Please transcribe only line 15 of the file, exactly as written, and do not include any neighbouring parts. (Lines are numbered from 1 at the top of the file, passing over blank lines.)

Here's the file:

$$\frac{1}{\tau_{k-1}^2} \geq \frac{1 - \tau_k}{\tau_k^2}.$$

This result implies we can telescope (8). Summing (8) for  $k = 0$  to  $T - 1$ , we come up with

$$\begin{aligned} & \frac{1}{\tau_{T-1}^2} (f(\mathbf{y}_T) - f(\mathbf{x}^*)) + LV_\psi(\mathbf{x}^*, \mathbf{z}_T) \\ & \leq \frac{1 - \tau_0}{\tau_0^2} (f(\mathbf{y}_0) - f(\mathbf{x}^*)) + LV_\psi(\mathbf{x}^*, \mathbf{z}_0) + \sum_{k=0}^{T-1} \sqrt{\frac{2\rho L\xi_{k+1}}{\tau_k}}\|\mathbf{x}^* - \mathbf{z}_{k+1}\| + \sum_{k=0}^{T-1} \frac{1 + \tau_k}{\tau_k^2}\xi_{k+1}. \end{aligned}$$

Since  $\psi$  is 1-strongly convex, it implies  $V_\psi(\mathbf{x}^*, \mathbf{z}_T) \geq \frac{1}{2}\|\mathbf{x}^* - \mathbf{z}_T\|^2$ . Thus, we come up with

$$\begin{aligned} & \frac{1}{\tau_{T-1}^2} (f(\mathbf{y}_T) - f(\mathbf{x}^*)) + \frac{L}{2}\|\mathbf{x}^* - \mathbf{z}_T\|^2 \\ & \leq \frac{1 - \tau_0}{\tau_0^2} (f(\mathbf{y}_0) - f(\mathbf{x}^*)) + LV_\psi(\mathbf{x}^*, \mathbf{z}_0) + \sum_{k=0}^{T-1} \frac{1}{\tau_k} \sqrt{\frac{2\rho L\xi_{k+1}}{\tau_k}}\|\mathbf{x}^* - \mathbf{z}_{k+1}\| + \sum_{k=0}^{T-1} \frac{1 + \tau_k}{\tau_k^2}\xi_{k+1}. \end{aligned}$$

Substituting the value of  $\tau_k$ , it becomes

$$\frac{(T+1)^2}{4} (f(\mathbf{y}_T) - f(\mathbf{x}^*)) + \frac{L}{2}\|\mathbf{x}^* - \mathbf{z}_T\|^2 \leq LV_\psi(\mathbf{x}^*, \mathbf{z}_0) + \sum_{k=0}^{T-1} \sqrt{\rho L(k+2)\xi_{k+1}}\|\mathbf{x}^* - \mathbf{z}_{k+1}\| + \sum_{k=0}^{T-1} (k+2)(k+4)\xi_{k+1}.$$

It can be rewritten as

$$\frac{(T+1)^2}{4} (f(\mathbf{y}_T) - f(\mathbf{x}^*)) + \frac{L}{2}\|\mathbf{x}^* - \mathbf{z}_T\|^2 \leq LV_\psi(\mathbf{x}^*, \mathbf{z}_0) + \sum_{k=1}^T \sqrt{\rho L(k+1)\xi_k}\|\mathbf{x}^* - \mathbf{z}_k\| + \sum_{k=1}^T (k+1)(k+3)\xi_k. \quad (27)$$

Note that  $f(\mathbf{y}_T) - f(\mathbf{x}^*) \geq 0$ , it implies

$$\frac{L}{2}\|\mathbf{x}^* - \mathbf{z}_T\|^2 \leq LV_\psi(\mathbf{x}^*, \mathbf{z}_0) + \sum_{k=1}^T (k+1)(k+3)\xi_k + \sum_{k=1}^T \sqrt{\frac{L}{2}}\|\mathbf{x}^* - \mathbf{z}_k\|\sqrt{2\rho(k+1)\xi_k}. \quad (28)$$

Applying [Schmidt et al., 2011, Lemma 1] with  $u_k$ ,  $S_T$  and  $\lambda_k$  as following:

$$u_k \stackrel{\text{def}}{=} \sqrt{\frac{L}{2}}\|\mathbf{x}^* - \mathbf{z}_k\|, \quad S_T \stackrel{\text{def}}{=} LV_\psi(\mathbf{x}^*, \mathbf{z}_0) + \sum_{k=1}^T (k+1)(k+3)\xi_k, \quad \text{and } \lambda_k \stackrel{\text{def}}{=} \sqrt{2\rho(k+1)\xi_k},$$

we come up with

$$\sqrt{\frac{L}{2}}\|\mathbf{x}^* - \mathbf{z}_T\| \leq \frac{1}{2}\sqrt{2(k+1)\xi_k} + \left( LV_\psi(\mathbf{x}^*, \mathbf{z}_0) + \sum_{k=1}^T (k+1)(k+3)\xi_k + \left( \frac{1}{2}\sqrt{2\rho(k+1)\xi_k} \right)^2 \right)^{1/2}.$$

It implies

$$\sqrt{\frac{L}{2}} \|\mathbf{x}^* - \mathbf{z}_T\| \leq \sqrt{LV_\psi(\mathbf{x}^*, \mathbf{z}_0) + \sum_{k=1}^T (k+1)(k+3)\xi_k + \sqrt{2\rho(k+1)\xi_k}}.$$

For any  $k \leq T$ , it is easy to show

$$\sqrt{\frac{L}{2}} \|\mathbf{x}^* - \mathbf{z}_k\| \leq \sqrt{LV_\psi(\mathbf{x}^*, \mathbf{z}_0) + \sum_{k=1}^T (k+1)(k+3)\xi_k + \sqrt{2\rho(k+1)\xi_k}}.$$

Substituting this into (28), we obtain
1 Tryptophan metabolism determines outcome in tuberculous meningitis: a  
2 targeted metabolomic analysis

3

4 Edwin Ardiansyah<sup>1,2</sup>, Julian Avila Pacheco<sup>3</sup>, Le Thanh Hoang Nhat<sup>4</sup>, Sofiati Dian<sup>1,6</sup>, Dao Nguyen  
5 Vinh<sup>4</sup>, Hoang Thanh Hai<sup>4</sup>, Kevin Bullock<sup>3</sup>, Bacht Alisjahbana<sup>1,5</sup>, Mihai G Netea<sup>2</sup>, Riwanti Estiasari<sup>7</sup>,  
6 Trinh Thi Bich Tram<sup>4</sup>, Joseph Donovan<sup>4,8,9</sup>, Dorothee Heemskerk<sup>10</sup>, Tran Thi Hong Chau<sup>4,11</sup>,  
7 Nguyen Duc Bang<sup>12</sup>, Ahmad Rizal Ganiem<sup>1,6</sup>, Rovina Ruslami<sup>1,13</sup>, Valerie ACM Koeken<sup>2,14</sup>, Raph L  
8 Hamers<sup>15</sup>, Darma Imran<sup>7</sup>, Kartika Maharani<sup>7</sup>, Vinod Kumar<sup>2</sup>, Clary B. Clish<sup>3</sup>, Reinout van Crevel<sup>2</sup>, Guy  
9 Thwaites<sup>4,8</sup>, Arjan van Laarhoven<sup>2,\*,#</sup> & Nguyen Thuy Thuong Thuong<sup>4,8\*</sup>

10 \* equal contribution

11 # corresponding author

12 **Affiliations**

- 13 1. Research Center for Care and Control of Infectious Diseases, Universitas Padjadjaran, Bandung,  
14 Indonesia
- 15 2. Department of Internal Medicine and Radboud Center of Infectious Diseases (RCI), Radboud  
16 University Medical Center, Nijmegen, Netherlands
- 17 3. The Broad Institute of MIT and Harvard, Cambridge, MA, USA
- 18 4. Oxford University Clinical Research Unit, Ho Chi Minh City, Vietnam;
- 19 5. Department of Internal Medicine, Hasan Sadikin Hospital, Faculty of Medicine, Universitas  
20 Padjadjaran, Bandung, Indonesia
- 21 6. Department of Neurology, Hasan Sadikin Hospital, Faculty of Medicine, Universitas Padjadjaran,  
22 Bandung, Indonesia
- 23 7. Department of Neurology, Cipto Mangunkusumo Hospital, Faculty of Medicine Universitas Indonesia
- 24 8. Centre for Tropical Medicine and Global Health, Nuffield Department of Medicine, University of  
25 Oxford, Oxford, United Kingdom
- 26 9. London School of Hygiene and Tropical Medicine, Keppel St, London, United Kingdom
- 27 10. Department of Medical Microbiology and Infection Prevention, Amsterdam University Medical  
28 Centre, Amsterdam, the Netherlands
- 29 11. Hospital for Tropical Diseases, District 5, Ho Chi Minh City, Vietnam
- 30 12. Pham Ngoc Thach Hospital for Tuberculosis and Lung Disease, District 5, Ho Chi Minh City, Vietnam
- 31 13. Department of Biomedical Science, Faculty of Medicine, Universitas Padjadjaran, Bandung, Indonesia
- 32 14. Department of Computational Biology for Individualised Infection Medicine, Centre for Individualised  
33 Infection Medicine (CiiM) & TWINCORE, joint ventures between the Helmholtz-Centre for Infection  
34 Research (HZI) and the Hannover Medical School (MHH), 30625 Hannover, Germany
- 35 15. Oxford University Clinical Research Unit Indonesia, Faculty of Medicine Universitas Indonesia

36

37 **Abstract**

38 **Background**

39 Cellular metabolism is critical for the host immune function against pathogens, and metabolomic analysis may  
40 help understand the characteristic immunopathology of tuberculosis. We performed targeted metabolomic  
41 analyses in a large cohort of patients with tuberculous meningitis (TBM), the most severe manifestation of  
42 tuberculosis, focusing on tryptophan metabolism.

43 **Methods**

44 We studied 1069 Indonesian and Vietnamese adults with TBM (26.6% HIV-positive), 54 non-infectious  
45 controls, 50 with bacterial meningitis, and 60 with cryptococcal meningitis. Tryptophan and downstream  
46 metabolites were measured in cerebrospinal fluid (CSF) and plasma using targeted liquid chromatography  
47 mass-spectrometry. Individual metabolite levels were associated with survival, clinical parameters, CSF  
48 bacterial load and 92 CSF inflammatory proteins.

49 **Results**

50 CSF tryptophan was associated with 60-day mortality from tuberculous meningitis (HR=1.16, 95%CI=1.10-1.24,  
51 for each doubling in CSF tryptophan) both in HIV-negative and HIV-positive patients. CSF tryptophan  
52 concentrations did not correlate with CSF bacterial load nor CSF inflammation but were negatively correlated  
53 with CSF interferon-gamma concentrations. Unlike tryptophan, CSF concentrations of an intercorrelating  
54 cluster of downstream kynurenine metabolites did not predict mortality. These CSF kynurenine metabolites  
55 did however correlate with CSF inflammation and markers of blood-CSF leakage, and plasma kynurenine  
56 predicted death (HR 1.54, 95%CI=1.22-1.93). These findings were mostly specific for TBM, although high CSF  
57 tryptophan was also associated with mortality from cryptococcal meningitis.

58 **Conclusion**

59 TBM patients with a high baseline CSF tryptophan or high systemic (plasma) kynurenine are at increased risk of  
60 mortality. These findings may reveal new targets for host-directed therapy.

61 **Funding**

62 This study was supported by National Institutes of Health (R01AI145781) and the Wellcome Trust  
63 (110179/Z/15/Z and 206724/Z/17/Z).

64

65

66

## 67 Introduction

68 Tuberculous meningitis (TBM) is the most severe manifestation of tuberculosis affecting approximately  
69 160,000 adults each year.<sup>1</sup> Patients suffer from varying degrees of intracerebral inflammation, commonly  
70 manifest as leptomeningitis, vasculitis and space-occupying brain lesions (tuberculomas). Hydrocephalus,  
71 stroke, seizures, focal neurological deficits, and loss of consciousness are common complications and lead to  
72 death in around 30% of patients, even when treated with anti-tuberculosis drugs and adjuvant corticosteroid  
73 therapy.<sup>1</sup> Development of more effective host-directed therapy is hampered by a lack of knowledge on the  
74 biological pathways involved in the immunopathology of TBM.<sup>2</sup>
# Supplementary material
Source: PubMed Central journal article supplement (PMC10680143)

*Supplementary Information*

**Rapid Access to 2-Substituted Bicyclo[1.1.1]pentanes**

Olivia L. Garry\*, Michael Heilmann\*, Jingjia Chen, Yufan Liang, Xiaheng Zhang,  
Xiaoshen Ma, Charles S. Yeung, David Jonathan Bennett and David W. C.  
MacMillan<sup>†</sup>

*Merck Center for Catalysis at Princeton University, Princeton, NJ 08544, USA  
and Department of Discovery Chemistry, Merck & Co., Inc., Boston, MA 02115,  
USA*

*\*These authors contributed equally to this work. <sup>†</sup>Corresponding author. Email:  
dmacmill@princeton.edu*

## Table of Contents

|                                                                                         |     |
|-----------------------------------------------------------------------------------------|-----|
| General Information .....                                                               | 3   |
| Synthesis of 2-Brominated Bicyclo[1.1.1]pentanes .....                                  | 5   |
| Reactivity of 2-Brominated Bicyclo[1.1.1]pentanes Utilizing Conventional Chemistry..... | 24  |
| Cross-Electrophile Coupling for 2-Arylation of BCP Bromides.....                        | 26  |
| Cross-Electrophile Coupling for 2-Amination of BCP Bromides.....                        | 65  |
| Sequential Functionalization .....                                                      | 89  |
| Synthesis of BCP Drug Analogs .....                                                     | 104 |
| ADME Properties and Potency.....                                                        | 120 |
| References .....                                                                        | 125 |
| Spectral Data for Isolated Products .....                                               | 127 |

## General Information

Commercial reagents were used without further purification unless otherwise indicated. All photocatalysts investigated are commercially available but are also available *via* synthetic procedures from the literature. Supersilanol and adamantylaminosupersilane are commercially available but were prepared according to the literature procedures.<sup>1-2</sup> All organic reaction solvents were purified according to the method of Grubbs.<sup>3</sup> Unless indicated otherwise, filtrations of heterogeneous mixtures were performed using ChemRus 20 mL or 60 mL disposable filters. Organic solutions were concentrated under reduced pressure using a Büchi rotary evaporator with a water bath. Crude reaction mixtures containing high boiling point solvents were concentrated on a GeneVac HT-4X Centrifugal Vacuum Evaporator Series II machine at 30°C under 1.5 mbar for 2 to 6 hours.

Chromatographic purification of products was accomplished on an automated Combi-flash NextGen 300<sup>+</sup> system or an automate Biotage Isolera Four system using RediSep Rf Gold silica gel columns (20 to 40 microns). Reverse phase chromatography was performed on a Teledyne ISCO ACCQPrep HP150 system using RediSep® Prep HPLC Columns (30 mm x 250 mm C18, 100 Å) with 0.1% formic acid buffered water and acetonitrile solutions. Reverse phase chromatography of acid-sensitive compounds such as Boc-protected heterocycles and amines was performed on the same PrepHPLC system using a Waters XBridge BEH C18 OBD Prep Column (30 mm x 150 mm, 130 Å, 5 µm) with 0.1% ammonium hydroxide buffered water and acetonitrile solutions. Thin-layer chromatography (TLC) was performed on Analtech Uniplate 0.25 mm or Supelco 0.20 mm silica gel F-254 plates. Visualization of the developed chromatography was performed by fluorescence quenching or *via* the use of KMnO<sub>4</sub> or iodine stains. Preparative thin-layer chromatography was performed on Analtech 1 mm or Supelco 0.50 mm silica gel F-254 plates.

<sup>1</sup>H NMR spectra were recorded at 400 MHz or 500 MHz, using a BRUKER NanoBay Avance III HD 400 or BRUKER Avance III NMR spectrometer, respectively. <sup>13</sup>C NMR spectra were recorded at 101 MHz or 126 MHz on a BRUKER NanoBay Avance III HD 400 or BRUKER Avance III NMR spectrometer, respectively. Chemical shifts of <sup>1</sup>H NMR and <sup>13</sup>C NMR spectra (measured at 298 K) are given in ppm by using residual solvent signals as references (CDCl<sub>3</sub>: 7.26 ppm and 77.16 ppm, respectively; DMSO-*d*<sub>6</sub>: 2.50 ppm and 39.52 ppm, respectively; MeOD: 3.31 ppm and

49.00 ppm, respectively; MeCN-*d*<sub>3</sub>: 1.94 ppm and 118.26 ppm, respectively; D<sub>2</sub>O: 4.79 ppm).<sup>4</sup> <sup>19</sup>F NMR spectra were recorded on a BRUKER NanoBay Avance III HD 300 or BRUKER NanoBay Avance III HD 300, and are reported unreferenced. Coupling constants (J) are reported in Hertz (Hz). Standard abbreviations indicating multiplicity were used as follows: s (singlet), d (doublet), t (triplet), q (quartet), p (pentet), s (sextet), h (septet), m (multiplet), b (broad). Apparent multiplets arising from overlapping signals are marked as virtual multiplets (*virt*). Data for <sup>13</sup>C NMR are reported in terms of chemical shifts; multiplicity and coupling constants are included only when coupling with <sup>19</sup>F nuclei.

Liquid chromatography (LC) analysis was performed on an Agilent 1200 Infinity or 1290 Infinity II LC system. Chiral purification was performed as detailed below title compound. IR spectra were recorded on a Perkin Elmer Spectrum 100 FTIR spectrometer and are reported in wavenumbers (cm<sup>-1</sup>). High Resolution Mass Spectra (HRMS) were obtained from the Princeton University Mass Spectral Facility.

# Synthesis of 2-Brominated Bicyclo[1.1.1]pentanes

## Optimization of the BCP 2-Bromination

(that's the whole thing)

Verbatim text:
$$\sqrt{\frac{L}{2}}\|\mathbf{x}^* - \mathbf{z}_T\| \leq \frac{1}{2}\sqrt{2(k+1)\xi_k} + \left( LV_\psi(\mathbf{x}^*, \mathbf{z}_0) + \sum_{k=1}^T (k+1)(k+3)\xi_k + \left( \frac{1}{2}\sqrt{2\rho(k+1)\xi_k} \right)^2 \right)^{1/2}.$$